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Weight ManagementIt also hurts "executive function" — the ability to make clear decisions, said Dr. Philip Eichling, a sleep and weight-loss specialist at the University of Arizona who also is medical director of the Canyon Ranch, a spa in Tucson that offers health and weight management programs, especially for business executives.
Pediatric CareThose little naps could really help people who work irregular hours. More than 20 million Americans work nights or evening shifts, and studies have shown that they are much more likely to have sleep problems. That’s bad enough if you’re, say, a night watchman, but catastrophic if you’re a bus driver, an airline pilot or, ironically, a medical resident—recent medical-school graduates who spend three to seven years training in a specialty like pediatrics or cardiology and often work more than 100 hours a week all around the clock. Just last month, the group that accredits the nation’s teaching hospitals imposed strict new limits on their hours—although the new rules will still mean grueling schedules of up to 80 hours a week with as little as 10 hours of rest between shifts.
Primary CareAlthough there are hundreds of sleep clinics like Matheson’s accredited by the American Academy of Sleep Medicine, primary-care physicians are often slow to refer patients who complain of sleep problems. That’s because sleep is still largely ignored in the typical medical-school curriculum. As a result, people with sleep problems are too often incorrectly diagnosed with psychiatric disorders, like depression, or dismissively told that they should take a nice, long vacation. Dr. William Dement, a pioneer in sleep research and the founder of the Stanford University Sleep Research Center, finds this ignorance particularly frustrating, since our knowledge of sleep has expanded so dramatically. “My mission, passion and total disgruntlement,” he says, “is that the public should know the things we’ve known for a quarter of a century.” Dement’s colleague at Stanford, the French-born neurologist Christian Guilleminault, recalls one of his medical professors in Paris vigorously trying to discourage him from going into the field. “Sleep,” the professor told Guilleminault, “is for dreamers.”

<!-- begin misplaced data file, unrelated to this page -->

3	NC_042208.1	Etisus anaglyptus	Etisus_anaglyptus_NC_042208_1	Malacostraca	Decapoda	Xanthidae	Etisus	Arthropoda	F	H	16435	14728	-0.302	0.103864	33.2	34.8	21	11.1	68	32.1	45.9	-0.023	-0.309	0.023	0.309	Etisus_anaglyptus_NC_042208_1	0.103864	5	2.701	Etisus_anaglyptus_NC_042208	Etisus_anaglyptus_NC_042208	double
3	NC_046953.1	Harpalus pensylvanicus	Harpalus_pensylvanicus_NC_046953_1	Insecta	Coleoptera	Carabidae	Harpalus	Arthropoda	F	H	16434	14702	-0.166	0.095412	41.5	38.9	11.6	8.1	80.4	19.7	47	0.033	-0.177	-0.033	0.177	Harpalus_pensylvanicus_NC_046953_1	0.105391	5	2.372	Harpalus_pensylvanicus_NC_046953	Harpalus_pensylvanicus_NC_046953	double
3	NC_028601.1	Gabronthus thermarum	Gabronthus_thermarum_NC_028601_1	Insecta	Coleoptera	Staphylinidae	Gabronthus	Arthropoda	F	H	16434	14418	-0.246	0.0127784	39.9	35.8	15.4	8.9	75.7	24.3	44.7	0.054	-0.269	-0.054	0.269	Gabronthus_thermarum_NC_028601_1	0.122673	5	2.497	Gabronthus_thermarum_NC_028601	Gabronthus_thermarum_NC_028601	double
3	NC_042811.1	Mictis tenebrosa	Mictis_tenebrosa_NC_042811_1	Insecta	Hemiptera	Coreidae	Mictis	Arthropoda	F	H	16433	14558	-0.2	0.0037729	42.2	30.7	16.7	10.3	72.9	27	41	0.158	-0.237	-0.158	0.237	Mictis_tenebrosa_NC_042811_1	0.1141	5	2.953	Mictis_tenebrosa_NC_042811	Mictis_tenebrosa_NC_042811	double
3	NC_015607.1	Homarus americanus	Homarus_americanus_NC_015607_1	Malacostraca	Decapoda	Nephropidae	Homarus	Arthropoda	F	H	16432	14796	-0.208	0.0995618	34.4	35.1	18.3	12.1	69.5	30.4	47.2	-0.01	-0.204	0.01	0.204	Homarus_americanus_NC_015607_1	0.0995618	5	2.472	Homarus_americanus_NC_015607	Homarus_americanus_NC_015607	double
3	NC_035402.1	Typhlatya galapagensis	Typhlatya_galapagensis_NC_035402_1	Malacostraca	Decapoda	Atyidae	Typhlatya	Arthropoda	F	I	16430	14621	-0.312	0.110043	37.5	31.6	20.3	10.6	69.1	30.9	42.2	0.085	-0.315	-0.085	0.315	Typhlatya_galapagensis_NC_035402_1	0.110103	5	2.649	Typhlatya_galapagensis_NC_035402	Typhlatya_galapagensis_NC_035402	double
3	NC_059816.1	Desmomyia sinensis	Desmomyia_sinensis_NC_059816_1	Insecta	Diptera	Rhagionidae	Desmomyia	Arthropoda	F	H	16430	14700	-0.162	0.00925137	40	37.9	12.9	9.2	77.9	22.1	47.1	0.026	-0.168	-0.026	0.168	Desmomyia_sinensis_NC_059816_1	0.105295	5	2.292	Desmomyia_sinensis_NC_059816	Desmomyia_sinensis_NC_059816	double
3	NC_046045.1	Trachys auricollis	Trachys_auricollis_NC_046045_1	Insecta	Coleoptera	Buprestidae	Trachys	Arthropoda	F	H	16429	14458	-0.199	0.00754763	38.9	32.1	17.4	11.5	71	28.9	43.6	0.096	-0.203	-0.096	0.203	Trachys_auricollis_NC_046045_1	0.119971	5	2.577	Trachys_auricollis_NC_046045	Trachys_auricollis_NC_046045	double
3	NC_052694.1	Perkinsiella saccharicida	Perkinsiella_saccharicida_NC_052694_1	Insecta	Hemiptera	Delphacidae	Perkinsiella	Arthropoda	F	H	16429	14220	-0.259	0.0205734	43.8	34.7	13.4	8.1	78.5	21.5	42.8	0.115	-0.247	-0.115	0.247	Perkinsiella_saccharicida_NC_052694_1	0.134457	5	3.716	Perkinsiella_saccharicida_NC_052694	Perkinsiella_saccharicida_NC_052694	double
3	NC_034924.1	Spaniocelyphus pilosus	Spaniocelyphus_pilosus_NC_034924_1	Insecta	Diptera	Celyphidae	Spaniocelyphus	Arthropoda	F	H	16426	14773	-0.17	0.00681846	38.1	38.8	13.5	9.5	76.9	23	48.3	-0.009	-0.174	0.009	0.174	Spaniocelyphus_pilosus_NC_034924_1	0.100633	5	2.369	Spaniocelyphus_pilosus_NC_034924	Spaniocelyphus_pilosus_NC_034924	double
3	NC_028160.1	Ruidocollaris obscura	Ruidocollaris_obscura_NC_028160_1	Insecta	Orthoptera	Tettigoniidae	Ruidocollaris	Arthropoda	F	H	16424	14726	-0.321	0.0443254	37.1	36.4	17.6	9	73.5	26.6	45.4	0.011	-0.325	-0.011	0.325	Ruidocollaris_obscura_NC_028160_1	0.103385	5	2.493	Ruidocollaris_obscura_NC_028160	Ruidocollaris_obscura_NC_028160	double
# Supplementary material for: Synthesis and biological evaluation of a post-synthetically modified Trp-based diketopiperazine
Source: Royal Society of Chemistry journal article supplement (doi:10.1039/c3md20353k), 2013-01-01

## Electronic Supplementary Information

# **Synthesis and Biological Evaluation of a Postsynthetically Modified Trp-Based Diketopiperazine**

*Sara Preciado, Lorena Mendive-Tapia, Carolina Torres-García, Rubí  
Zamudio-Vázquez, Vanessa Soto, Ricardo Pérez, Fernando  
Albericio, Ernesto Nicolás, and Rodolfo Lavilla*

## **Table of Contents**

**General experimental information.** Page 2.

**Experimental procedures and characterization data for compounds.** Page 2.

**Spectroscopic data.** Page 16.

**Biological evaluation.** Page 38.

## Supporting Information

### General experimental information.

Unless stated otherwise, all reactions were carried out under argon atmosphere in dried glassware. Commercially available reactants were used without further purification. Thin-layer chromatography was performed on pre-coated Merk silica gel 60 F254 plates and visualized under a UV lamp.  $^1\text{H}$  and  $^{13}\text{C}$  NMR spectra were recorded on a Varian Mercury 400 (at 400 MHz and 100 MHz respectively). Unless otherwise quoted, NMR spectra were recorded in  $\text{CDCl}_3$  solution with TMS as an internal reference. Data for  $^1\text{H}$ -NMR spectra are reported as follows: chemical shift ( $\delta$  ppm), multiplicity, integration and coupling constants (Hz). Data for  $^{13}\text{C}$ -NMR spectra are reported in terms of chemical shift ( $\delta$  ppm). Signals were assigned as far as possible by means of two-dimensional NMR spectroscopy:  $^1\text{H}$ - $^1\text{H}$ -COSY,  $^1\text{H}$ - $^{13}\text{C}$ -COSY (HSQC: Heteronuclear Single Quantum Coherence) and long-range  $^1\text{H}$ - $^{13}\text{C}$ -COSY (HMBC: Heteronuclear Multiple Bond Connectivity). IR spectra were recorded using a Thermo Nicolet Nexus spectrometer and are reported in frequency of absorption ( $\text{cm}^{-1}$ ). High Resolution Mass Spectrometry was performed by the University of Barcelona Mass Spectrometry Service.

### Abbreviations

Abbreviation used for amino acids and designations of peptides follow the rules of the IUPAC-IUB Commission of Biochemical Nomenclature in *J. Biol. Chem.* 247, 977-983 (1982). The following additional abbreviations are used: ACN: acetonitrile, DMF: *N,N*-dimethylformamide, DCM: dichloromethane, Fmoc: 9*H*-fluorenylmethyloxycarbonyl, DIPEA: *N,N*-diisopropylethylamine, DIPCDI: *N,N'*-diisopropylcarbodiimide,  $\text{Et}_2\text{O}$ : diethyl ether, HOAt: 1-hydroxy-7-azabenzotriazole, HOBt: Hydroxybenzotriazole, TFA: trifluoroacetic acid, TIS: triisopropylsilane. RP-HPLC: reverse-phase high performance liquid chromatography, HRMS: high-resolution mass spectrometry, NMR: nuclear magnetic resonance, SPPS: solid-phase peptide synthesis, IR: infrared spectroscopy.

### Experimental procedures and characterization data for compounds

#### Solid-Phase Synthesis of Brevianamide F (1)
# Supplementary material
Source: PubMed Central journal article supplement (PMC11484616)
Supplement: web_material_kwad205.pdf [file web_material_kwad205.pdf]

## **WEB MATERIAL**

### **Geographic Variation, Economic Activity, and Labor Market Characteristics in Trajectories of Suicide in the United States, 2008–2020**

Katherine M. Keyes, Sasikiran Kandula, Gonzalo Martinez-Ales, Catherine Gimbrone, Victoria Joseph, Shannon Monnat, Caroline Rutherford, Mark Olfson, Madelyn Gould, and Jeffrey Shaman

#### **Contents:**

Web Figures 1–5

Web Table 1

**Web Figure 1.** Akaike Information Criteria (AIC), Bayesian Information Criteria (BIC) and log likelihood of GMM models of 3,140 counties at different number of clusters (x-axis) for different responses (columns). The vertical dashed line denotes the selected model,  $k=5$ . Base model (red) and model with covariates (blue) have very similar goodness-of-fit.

Sleep DisordersNEWSWEEK senior editor and self-proclaimed insomniac Barbara Kantrowitz undergoes tests at the Sleep Disorders Clinic at Boston's Beth Israel Deaconess Medical Center
NeurologyDr. Zvonkina performed her undergraduate work at University of California - Davis, receiving her B.S. in Physiology in 1997. She attended medical school at Albany Medical College in Albany, NY, where she received her M.D. degree in 2002. Following her internship (2002-2003) at St. Joseph's Hospital and Medical Center in Phoenix, AZ, she completed a neurology residency (2003-2006) at Barrow Neurological Institute in Phoenix,AZ.
Internal MedicineDr. Kin M. Yuen, a Diplomate of the American Board of Sleep Medicine, is an Adjunct Faculty member for the Stanford University School of Medicine. She has been a sleep specialist in private practice in California for the past 10 years. Before spending two years in a research fellowship at Stanford Sleep Disorders Center, she practiced as a staff physician in Internal Medicine for the Stanford Medical Group. She also holds a Masters degree in Health Services Research/Health Policy from Stanford University. She volunteered in the Health Policy Committee of AASM, and she was a past member of the Membership Committee. In addition to her clinical practice, she has many sleep research interests. Dr. Yuen has been the primary author, as well as co-author of articles and book chapters on sleep disorders and health economics. However, her biggest joy is spending time with her two children, age 15 and 12.
PsychiatryMuch of our current knowledge about sleep—and what happens when you don’t get enough of it—grows out of the kind of clinical observation I underwent that night. As the science of sleep has evolved, doctors have studied many thousands of patients in the lab—some sleeping normally, others deliberately deprived of rest. The results aren’t encouraging for those Type A’s who boast about getting by on just four or five hours a night. “Despite what they claim and believe about themselves, they are impaired,” says David Dinges, a professor of psychiatry at the University of Pennsylvania School of Medicine who studies sleep and wakefulness. “What they are doing is just sort of snacking on sleep. They want to take sleep the same way they take fast food.” But, he says, people who chronically deprive themselves of an hour or two of sleep a night ultimately are as sleep-deprived as someone who’s been awake for 40 hours. And that means they’re, in effect, operating as though they were under the influence. Caffeine and other stimulants only temporarily mask the symptoms.
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